On Sunday, the Syrian government dropped barrels of high explosives from helicopters in Aleppo, killing dozens, 16 of which were children.
Political Science professor Judith Kullberg said the international community has not been able to intervene due to the U.N. Security Council members, Russia and China, vetoing resolutions calling for international intervention in the conflict. However, she said that all members of the Security Council agree that the Syrian civil war is a threat to international security and negotiations are necessary.
“As a result, the U.N. will host a peace conference on Syria in Switzerland in January,” Kullberg said. “The entire international community, including the permanent members of the Security Council, will participate in an effort to persuade the Syrian government and opposition to implement a cease-fire, and, hopefully, to reach a permanent settlement to the conflict.”
Kullberg mentioned that the Western media tends to describe Russia’s behavior in the Security Council “as a direct reflection of its geopolitical interests,” saying the Assad regime has been allied with Moscow and the Russian and Syrian militaries are interconnected. She feels this ignores the Russian standpoint on Syria, however.
“In Russia, the Assad regime is seen as strong and responsible, protecting itself and its citizens from violent subversives and terrorists,” she said. “Furthermore, Moscow argues that the terrorists are financed and armed largely by the West. The Russian protection of the Assad regime is thus rooted in worldview that sees U.S. dominance as contributing to instability, rather than peace and democracy, in the world.”
Kullberg explained that Russia has doubted the “responsibility to protect” (R2P) principle, which involves the international community to step into domestic conflicts and putting an end to genocide, war crimes and crimes against humanity. She said Russia has been critical of the R2P since the Arab Spring because it has been used by the U.S. and its allies as a ploy to overthrow regimes or destabilize countries.
“The positions it takes on Syria in the next few months will be intended not only to protect the position of the Assad regime, but more fundamentally to limit the power of the U.S. and place constraints on the ability of international institutions to intervene in the domestic politics of states,” she said.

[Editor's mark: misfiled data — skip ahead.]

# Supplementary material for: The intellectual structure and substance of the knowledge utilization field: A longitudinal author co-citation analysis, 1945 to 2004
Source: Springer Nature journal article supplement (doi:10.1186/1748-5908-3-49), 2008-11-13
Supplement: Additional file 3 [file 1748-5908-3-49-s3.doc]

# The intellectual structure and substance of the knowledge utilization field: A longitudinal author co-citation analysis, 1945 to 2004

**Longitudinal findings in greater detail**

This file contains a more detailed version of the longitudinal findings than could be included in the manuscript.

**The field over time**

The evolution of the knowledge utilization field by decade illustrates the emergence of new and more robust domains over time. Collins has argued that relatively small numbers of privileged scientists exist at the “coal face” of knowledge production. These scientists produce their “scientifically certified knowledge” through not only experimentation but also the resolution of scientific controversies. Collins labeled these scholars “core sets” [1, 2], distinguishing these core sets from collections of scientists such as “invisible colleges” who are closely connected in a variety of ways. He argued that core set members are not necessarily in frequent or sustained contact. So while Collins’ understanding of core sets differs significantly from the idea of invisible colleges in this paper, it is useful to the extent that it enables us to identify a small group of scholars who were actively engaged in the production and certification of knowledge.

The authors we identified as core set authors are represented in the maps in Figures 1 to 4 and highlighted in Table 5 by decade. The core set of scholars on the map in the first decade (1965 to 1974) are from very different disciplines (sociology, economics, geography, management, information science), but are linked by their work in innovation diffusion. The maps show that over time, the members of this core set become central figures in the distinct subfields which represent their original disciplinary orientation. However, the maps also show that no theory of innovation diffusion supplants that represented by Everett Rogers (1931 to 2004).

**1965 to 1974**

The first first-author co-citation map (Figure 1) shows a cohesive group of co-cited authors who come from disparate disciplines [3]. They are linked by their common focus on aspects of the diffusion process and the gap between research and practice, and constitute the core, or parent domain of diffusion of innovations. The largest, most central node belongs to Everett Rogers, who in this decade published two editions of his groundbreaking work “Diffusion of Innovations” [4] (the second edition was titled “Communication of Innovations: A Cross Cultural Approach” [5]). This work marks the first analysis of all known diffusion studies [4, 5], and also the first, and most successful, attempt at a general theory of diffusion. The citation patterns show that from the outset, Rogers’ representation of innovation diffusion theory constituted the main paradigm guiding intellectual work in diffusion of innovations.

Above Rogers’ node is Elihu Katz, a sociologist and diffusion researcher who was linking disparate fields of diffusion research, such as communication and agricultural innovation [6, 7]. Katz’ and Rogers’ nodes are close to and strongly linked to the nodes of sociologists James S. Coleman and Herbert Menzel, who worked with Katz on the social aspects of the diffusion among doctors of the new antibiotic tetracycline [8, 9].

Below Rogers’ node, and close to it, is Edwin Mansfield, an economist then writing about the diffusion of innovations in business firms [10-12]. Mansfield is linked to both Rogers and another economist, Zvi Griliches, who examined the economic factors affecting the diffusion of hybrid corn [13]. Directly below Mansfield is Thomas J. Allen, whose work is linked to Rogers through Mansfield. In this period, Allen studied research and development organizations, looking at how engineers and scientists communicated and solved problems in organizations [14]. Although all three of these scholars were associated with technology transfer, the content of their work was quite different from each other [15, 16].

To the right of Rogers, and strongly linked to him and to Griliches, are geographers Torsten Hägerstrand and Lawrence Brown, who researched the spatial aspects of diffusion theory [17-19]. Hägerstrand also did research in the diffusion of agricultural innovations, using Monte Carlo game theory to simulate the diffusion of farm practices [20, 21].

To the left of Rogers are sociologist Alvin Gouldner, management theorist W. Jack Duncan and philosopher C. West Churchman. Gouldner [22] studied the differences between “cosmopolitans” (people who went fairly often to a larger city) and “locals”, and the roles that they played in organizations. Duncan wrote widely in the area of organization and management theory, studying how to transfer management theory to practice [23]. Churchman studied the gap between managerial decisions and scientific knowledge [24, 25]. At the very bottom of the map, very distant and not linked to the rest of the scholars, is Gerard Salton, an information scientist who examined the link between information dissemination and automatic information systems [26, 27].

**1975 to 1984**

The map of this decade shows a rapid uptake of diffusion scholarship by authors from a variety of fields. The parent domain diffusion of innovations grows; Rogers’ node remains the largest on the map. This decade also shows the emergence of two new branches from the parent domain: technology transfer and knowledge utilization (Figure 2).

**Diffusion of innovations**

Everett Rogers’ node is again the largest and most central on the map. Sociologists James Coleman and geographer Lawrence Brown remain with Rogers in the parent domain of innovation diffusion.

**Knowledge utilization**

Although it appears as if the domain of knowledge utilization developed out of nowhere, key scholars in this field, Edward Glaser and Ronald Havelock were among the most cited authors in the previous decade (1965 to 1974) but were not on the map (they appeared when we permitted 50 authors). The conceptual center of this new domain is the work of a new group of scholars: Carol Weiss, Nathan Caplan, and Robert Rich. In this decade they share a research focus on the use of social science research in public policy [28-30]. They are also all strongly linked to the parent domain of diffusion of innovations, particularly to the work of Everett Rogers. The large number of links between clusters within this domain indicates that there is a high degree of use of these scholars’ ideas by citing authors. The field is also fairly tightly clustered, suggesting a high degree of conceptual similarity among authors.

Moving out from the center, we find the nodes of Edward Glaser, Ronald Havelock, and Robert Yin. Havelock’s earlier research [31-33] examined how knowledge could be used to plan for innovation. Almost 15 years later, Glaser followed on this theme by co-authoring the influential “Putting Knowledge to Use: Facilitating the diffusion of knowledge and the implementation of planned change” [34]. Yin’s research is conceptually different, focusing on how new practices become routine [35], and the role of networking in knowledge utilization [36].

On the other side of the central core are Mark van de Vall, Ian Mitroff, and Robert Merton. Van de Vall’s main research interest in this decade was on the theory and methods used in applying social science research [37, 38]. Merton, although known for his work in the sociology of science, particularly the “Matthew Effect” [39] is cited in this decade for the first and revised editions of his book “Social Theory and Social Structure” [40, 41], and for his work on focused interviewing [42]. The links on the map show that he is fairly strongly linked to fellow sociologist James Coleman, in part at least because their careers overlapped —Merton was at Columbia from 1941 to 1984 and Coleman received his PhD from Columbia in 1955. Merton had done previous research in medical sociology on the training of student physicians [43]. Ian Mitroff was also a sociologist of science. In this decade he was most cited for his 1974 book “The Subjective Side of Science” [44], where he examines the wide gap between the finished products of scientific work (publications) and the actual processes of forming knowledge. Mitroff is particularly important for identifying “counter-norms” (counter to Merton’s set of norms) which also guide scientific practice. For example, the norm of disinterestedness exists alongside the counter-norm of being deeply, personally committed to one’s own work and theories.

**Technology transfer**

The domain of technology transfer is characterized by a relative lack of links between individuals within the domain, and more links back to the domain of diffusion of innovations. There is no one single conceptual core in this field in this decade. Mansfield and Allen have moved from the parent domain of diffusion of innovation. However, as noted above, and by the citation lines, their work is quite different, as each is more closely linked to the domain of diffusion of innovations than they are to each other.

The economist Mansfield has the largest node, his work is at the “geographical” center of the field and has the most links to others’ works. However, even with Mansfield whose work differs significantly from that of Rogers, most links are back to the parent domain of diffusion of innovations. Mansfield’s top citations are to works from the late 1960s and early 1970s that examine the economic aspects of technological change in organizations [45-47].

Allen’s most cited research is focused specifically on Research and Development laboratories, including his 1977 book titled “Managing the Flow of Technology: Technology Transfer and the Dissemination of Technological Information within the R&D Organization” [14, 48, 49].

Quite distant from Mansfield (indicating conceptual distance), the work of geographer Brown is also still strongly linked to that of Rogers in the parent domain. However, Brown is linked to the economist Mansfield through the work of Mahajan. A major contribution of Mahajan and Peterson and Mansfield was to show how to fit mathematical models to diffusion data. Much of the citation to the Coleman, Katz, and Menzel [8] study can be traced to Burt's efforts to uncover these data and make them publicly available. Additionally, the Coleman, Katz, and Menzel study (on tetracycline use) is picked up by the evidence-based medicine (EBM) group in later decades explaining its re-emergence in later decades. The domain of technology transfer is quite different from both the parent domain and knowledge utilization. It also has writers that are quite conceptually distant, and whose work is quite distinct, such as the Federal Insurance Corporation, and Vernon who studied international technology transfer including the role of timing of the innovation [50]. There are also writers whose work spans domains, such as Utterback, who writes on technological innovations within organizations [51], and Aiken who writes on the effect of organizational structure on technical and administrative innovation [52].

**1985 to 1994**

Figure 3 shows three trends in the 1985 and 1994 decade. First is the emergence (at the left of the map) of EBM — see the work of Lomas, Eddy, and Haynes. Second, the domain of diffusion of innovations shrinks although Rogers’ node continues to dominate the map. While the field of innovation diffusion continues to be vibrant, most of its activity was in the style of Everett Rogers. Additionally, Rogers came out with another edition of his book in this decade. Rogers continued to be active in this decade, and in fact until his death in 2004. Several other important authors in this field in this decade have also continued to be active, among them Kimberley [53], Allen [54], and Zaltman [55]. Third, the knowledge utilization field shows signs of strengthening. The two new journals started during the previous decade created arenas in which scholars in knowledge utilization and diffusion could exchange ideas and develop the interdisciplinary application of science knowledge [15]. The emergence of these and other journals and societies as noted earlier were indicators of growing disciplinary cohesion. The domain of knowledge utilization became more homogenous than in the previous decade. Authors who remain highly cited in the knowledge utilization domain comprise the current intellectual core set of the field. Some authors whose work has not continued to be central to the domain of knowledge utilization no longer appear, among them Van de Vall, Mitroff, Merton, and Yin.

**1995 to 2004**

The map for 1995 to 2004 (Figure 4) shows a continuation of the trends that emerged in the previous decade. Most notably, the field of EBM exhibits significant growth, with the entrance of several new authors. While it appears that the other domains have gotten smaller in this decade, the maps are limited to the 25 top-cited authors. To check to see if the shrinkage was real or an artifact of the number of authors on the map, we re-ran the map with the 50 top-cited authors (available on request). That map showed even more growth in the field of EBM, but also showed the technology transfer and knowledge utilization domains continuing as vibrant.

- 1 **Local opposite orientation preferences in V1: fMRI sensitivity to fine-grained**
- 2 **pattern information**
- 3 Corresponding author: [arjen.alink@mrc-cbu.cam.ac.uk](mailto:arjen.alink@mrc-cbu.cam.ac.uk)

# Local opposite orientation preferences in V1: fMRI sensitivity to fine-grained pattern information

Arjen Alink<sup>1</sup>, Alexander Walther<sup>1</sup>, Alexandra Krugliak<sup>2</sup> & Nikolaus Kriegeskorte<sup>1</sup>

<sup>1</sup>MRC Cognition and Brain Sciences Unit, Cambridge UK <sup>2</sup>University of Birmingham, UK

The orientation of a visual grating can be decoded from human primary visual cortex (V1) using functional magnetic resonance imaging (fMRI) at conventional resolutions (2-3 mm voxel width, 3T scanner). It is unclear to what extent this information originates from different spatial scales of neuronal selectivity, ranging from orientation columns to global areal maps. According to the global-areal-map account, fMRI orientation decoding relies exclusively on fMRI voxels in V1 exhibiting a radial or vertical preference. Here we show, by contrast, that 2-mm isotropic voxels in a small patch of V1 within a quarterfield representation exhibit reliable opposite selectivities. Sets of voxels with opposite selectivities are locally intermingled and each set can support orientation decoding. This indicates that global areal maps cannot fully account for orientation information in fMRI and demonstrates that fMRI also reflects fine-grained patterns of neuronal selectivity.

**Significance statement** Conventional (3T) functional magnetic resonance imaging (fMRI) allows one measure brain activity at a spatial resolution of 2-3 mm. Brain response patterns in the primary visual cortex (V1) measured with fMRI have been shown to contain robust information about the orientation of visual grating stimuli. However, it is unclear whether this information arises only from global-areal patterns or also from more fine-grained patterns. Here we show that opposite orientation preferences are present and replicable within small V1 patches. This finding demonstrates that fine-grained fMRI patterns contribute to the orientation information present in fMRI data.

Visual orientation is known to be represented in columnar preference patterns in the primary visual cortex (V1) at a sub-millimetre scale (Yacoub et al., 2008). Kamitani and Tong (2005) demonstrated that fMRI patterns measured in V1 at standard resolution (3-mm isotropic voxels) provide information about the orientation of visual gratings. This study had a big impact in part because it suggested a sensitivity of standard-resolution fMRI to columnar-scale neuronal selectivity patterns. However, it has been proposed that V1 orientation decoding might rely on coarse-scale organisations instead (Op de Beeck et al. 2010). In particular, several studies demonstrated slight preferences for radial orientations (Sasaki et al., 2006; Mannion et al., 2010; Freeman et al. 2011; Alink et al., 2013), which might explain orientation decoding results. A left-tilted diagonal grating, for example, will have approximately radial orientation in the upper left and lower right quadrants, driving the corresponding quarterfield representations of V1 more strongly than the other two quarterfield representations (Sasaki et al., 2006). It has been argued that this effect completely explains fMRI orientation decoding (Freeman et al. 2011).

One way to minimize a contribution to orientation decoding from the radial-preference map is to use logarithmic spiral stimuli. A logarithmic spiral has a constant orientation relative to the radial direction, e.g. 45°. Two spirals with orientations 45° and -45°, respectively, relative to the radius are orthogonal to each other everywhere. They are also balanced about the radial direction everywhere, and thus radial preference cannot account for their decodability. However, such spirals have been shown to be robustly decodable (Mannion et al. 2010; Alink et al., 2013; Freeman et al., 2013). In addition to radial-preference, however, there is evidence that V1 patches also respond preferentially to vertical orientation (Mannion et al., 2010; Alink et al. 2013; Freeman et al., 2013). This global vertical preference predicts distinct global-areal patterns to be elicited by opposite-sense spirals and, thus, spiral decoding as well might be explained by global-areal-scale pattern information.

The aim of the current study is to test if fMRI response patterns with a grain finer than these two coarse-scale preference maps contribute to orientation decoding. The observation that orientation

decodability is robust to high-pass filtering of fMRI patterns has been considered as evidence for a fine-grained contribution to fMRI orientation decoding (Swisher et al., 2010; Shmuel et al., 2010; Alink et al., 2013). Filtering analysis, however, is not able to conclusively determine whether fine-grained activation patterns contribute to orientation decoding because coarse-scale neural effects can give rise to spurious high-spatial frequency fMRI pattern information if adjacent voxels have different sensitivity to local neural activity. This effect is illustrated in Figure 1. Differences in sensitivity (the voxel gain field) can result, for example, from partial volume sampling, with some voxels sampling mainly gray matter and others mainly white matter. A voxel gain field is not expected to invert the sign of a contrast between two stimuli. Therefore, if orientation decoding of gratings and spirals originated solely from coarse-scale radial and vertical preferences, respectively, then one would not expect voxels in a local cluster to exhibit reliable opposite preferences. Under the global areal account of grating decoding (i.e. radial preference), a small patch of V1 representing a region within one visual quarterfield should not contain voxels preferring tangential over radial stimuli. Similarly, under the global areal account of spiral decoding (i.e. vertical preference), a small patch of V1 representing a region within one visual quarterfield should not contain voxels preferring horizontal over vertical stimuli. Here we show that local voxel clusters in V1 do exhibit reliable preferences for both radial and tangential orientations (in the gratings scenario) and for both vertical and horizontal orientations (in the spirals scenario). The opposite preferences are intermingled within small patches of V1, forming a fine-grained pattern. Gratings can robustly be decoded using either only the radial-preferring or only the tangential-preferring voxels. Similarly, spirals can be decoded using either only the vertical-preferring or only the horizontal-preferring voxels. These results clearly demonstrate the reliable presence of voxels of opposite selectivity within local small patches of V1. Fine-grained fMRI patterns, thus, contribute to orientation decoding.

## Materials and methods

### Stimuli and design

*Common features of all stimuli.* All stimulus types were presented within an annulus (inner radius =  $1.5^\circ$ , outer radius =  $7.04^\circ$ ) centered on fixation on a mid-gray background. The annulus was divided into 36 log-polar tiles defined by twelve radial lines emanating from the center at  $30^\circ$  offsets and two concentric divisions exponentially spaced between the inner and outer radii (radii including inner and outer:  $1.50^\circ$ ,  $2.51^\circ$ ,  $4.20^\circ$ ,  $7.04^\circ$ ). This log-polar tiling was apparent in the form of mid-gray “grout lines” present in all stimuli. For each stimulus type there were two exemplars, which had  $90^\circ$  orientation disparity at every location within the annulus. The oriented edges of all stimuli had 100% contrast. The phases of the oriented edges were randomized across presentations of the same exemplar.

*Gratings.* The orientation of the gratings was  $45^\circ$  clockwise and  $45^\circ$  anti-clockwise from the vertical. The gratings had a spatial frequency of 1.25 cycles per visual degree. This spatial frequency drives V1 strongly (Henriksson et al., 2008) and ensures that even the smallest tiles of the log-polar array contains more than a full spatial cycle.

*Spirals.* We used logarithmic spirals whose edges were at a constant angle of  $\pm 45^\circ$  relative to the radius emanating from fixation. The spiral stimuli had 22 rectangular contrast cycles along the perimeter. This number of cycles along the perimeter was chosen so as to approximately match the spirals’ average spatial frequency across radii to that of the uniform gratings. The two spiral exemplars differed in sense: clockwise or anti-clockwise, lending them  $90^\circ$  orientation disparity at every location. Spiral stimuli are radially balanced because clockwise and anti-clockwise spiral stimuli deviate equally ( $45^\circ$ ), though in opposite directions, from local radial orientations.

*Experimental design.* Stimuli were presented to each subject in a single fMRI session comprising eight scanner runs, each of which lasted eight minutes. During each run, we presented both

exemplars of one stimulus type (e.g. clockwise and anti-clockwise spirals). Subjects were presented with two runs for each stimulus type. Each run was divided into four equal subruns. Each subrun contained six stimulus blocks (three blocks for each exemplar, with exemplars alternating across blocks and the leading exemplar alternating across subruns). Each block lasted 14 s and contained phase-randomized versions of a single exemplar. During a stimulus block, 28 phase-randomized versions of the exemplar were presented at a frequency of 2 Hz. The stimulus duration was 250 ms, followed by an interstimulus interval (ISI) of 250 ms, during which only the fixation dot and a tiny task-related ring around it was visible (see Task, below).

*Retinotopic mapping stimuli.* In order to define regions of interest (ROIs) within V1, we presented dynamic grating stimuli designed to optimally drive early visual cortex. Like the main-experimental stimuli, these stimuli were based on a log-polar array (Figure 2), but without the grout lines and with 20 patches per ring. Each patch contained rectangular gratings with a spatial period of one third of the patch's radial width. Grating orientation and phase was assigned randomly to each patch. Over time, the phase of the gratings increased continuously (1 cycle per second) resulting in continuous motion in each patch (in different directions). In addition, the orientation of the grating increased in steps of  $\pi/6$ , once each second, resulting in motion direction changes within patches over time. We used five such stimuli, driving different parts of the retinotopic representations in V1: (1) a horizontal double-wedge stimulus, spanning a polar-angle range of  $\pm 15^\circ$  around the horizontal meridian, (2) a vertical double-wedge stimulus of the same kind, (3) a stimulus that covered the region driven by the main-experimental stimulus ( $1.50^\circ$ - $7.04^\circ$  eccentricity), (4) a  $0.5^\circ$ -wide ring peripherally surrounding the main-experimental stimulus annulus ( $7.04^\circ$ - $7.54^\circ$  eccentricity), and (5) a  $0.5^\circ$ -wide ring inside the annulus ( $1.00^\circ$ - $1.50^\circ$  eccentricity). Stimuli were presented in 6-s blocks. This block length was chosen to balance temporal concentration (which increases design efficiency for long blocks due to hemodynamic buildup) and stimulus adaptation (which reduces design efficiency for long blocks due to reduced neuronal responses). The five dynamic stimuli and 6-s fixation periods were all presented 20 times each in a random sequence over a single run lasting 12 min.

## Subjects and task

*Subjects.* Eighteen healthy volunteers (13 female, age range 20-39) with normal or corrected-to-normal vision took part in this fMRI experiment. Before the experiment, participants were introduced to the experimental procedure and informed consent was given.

Omar Tibi, a Syrian-American and EMU alumnus said the international community cannot control the crisis right now unless there was military involvement.
“The only way this could be prevented is the loss of complete Syrian air superiority, whether via a no-fly zone, or by arming the rebels with anti-air equipment,” Tibi said.
In regards to Russian support, Tibi said Russia would likely dismiss the claims as it has in the past.
“Russia’s foreign policy in regards to Syria has barely changed even with the chemical attacks in Ghouta, which it enacted minor damage control and is why Syria still has at least two known chemical weapons storage and manufacturing facilities operational,” he said.
Tibi also said that he does not see this being anything more than a footnote in the world affairs. Junior and international affairs major Sayem Khan shares some of Tibi’s thoughts.
“It’s my opinion that without that superiority, the FSA could possibly win the war,” Khan said after sharing that an ideal response would be of the NATO imposing a no-fly zone.
With the escalation of the war, Syria’s refugee problem increased drastically. Tibi said the amount of refugees is putting a strain on local economies and creating more vulnerability among people. However, he said there are organizations helping refugees.
“Syrian Sunrise Foundation is a reputable one that is actually locally funded that are working to help them,” he said. “But the main problem right now is funding and supplies.”
Khan said non-governmental organizations or other aid agencies should involve themselves in creating safe passages for civilians and refugees from all over Syria that would lead toward temporary tent cities existing near the Turkish-Syrian border.
“Syria was a relatively stable alternative to many Palestinian and Iraqi refugees,” Khan said. “Today, those people along with internally displaced Syrians have been forgotten and become even more vulnerable.”
He also said the U.S. is capable of solving this issue and that it needs to be vocal in pushing for an imposition of a no-fly zone. He said the barrel bombings are an example of why there needs to be one.
“The reason the U.S. is so hesitant is due to the possible outcomes and unfavorable regime change that can result if Bashar Al-Assad lost power,” Khan said. “There are many different factions and coalitions of ‘rebels’ in Syria together they make up a resistance against the Syrian Government. Many of these ‘rebels’ are extremist or radicalized groups that the U.S. considers terrorist organizations, if they were to come to power the region would only suffer from greater instability.”
Tibi said he believes it’s too late for a no-fly zone at this point for it to be effective.
“Now the [U.S.] government has all of its shiny new Russian toys designed to quite literally kill American ships, planes and missiles all ready to fire at a moment’s notice,” he said. “The best thing it can do at this moment is to supply the rebels with heavier arms, particularly MANPADS [which are] portable anti-air missiles, as some nations and private sponsors have been doing.”
He also said politics cares not for the little man, and referenced the conflict to the quote “the death of one man is a tragedy; the death of millions is a statistic”
“It’s just a continuation of the Cold War,” Tibi said. “Russia and America are getting at each other’s throats whenever they can, and right now, Syria is their playground.”
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